NEW YORK (Reuters) - World 100 metres silver medallist Tyson Gay did not mince his words as he strolled the streets of New York in near anonymity.
“It is time for Tyson Gay to put up or shut up,” the American sprinter told Reuters.
Casually dressed in a white-and-blue shirt and light-coloured shorts for the walk to a news conference, he had the serious manner of David planning his challenge to Goliath.
For his own peace of mind, the averagely-built Gay needs to somehow find a way to defeat Usain Bolt, the tall and long-striding Jamaican Olympic and world champion who seemingly wins at will.
“Sometimes I get to talking that I can beat him,” Gay said in the interview arranged by organisers of New York’s Adidas Grand Prix. “After a while I have to do it or shut up.
“I never am going to say I can’t beat him because in my heart I believe I can,” the world’s second fastest man said.
Their 100 metres personal bests stand more than a tenth of a second apart, Gay at 9.69 seconds and Bolt owning the world record of 9.58.
“But he hasn’t run 9.5 in every meet,” said Gay.
For a third consecutive year, his quest to catch Bolt is being hampered by a leg or groin problem.
“Something is causing my hamstring to lock up for the past month or so,” the soft-spoken American said.
An old back injury that flared up after Gay ran the fastest-ever 200 metres straightaway in Manchester in May is the likely culprit.
The condition, which doctors say is not an injury, kept him off the training track for a week and out of Saturday’s grand prix, part of the Diamond League series. He plans to resume competing with a 200 metres at the Oregon Diamond League meeting on July 3.
Bolt, too, has been off track with a sore Achilles tendon. He was scheduled to start full training this week.
“Of course I want to beat him,” said Gay, who at 27 is four years older than Bolt. “I don’t know if it’s a question of ‘how badly’. It’s more of me wanting to do the best I can do. He is the best right now and I want to be the best.”
Gay ranks second all-time to Bolt in the 100 and is the third fastest performer in the 200 behind the Jamaican and former world record holder Michael Johnson. Bolt has the record at 19.19 seconds and Gay’s best is 19.58.
“For me the key is to stay healthy,” said Gay. “And I still continue to try to work on my start. That is something I have been struggling with for years and I just have to have that perfect day one day.”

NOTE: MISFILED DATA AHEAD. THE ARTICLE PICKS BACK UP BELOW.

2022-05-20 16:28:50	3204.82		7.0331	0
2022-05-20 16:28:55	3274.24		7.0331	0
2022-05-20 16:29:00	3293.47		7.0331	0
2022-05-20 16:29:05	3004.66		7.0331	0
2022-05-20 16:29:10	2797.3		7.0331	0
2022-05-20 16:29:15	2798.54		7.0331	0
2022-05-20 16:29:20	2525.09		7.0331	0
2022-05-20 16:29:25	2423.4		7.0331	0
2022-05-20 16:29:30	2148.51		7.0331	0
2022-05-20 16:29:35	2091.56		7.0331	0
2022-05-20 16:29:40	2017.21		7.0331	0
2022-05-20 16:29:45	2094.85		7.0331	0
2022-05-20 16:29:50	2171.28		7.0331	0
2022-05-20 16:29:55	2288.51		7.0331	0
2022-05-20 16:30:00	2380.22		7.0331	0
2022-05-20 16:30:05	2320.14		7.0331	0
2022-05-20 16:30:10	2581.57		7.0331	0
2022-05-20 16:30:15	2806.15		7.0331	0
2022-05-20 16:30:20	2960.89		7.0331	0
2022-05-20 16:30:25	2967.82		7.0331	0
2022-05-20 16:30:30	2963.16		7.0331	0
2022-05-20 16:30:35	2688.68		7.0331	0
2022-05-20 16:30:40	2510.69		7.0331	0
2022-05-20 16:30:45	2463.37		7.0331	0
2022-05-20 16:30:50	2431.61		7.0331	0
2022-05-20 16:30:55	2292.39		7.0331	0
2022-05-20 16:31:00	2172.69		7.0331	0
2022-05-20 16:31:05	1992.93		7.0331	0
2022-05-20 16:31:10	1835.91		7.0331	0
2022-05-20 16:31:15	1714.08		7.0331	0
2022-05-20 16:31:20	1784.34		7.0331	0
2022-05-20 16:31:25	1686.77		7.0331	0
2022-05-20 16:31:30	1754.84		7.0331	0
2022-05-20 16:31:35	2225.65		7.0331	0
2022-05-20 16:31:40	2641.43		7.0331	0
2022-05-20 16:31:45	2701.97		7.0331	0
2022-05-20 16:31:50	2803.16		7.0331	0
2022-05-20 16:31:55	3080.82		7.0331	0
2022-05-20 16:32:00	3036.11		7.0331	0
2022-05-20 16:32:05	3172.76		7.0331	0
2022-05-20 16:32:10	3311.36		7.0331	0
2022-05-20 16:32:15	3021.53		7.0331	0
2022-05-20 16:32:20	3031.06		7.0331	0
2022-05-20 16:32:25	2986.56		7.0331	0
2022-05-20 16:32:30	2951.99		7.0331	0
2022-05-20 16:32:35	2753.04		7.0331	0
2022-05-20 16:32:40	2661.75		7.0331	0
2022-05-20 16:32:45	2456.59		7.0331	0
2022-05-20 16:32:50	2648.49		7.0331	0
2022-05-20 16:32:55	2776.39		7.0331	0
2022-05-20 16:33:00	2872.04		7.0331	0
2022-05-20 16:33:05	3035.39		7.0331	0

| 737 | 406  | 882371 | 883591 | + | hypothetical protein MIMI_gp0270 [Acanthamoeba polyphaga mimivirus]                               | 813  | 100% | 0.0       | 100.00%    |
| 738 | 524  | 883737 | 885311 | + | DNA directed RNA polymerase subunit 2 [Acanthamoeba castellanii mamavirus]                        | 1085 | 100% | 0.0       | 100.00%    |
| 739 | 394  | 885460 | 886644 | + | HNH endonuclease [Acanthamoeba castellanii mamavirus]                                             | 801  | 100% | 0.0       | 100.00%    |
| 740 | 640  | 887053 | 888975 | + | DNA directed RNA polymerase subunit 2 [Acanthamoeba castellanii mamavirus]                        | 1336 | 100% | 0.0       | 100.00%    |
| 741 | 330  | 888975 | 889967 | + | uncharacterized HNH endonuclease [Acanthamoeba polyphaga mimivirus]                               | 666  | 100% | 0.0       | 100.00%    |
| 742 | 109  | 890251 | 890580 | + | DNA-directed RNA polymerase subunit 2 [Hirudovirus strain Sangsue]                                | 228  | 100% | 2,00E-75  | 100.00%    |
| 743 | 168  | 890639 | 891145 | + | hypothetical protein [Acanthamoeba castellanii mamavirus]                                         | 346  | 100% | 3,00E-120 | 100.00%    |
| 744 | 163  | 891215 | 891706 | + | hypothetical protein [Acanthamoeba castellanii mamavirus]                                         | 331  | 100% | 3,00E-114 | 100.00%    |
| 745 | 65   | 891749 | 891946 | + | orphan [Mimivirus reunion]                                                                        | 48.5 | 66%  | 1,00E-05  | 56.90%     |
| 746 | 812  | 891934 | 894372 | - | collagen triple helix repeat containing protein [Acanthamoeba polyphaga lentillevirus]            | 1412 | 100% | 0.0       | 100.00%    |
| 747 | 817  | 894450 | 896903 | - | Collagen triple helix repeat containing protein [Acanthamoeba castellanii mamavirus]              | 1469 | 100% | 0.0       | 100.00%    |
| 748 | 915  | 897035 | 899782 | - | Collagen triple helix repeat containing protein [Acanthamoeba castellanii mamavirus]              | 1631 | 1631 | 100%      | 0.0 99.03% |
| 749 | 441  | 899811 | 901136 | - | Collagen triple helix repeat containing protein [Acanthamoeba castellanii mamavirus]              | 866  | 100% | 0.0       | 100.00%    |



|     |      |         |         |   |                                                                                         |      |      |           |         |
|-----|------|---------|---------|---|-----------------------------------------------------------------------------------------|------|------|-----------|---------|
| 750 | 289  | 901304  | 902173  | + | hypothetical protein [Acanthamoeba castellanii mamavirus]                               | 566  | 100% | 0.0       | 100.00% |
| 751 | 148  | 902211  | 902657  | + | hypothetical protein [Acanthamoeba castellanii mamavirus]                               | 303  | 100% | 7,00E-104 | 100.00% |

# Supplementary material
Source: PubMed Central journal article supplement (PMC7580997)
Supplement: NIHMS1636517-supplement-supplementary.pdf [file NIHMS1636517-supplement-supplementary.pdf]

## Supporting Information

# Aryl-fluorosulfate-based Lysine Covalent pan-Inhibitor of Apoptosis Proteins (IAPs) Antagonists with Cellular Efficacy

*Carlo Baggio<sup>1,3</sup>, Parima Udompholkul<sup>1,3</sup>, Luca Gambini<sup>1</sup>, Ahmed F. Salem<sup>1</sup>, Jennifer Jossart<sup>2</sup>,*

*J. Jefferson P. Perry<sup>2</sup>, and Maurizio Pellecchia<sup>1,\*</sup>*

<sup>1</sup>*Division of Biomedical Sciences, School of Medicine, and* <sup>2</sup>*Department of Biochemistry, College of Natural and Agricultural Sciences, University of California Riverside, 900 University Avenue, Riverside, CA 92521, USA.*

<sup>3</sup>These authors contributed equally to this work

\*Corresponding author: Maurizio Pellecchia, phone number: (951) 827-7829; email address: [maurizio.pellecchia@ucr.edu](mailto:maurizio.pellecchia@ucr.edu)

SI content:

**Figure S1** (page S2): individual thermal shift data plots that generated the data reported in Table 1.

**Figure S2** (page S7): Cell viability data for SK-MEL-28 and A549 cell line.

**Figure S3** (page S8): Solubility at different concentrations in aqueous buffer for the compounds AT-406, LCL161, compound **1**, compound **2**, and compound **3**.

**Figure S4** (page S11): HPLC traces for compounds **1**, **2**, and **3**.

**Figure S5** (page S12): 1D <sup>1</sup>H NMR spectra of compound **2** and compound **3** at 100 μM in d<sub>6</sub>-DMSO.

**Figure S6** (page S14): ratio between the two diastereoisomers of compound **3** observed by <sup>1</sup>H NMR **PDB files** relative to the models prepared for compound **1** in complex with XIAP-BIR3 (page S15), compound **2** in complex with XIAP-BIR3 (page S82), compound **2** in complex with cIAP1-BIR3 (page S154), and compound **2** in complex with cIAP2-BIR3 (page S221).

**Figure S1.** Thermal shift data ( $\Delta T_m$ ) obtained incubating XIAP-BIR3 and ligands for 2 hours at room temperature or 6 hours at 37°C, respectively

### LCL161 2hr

Personal bests in both the 100 and 200 were his aim for the season, he said.
“I don’t think I have reached my full potential in either event,” Gay said. “The 100 is just something I want to prove to myself and the world that I can do, and the 200 is my first love.”
All the talk about Bolt bothers him “a little bit, and the only reason why is because I haven’t beat him yet (in the 100),” said Gay.
“At the end of the day we all know he has something that we don’t have, and we would all like to have that one day.”
Asked if that would be natural speed, the American replied: “Exactly. And he has the world records and the medals.”
Could Bolt run 9.4 seconds this year?
“With this guy’s stature, and this guy’s mental ability and physical ability to do the things he is doing, I think we are coming close to that,” Gay said.
“He is the first guy with that frame to do the things that he is doing.”
The two have met only twice in 100 metres finals -- in New York in 2008 and in the 2009 world championships -- with Bolt producing world records both times.
“Obviously he has to have some type of discipline to be able to have two back-to-back years like he has had,” Gay said.
It used to not be that way, at least not in the days when Bolt was a young 200 metres runner still trying to convince his coach he could be great in the 100.
Only twice in eight finals between 2005 and 2007 did Gay lose to Bolt at 200 metres.
Then Bolt learned to squeeze his tall body into the starting blocks and come out quickly enough that his long strides would eventually overpower faster starters in the 100.
Suddenly Gay, who had won both the 100 and 200 metres world titles in 2007 with Bolt second in the latter, was the chaser.
Bolt became athletics’ lightning rod at the Beijing Olympics with three world records while the injured Gay went out in the 100 metres rounds.
London 2012 will be their next chance for an Olympic showdown, “and it’s on my mind right now,” said Gay.
“Coming up short in ‘08 and not making the final, it was terrible. I have to bring the hardware home. I have to. I would trade anything in the world for that.”
Editing by Clare Fallon
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